In 2017 I wrote a case study on Jamaica's Highway 2000 toll road project for the Caribbean Development Bank (CDB). The first phase of this transformative US$1.3-billion project, the east-west leg connecting Kingston with the dormitory community of Portmore, was a runaway success — traffic jumped to around 50,000 to 60,000 vehicles per day immediately upon opening in 2006. Everyone was happy; toll road users, the Government, and the investors (a consortium of Bouygues Travaux Publics and Vinci as operating partner). So far, so good.
Bouygues held a right of first refusal on Phase 2 from Kingston to Ocho Rios. Compared to Phase 1, this was a significantly higher mountain to climb, both geographically and financially. Jamaica's toll roads are structured as public–private partnerships (PPPs), meaning it is the private investor who finances most of the project, not the Government. This was a tough ask: The cost of building the north-south leg of the highway was twice the east-west, in virgin, mountainous terrain, and with one-fifth the traffic. Bouygues passed on the 'opportunity'.
Who, then, could build the the north-south leg of Highway 2000?
In 2012 China Harbour Engineering Company (CHEC) submitted an unsolicited proposal to the Government offering to build the north-south highway on substantially the same PPP terms as had just been turned down by Bouygues.
How could they do that? If it was unprofitable for one, wouldn't it be unprofitable for all? Well, that depends on how you define profit. And, in this regard, as in so many others, China is unique.
In researching the case study, CDB colleague Albert Gillings and I interviewed Lu Qin, CHEC's then head of operations in Jamaica, in their big, empty headquarters near May Pen. An intelligent, urbane man, he welcomed us into his office by performing the ancient Chinese tea ritual, slowly brewing and serving us tea in fine porcelain cups. Only after that was finished and cleared away did we get down to business. I put it to him:
"Mr Lu, the North-South Highway cost twice as much as the East-West, with one-fifth the traffic. Anyone can do the calculations: Revenue from tolls won't even pay your operating costs, let alone contribute to capital. This is a 50-year concession, how do you plan to make a profit?"
He smiled serenely and gave an answer pregnant with Chinese wisdom, which should be emblazoned across the skies of every Caribbean country:
"Mr Samuel, when your civilisation is 5,000 years old, what does it matter, to lose money for 50 years?"
Wow. Right then I wished I had another cup of tea, to pause and take in what I'd just heard. So simple, so wise, so true.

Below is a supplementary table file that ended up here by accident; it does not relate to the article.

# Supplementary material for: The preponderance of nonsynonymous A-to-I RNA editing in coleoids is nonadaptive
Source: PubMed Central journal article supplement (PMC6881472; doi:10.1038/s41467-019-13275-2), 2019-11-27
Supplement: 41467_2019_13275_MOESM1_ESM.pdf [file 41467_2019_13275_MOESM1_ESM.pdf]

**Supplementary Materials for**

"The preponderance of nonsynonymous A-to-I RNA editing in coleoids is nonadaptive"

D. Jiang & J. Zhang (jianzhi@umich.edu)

But CHEC didn't rely on Chinese wisdom alone. In case such a laconic approach didn't secure the financial returns that CHEC required, a late feature was added to the 50-year concession: Land.
It was obvious that toll revenues would not be sufficient to ensure viability; therefore CHEC suggested an incentive mechanism that was common in China — commercial development on lands adjacent to the highway. The deal that was ultimately struck gives CHEC access to 1,200 acres of Government-owned lands along the highway, under certain conditions.
While escorting us out, Lu noticed me looking at the empty offices:
"Don't worry, Mr Samuel, we will fill them. Very soon."
And they did; including the north-south leg of Highway 2000, CHEC has picked up virtually every single large-scale road contract in Jamaica, US$1.7 billion in all: See table
Unsurprisingly, this mop-up by CHEC has not gone down well in certain quarters of Jamaica, chiefly among its contractors. In 2017, the Incorporated Masterbuilders Association of Jamaica filed a complaint with the Fair Trading Commission: "Chinese firms operating in Jamaica are agents of the Chinese Government. So we are actually bidding against the Chinese Government, and there's no way we could compete against them successfully."
Valid points, or just sour grapes? That is open to debate, but what is not open to debate is that in any large tender, Chinese contractors in general, and CHEC in particular, are hard to beat. They are technically competent, offer a complete package including financing, and are low-cost. How do they manage to bid so low? That's another matter, altogether.
S Brian Samuel is a consultant in public–private partnerships (PPPs). He served some 20 years at International Finance Corporation, a member of the World Bank Group, and later as head of PPPs at Caribbean Development Bank. Send comments to the Jamaica Observer or email@example.com.
- We welcome reader comments on the top stories of the day. Some comments may be republished on the website or in the newspaper; email addresses will not be published.
- Please understand that comments are moderated and it is not always possible to publish all that have been submitted. We will, however, try to publish comments that are representative of all received.
- We ask that comments are civil and free of libellous or hateful material. Also please stick to the topic under discussion.
- Please do not write in block capitals since this makes your comment hard to read.
- Please don't use the comments to advertise. However, our advertising department can be more than accommodating if emailed: firstname.lastname@example.org.
- If readers wish to report offensive comments, suggest a correction or share a story then please email: email@example.com.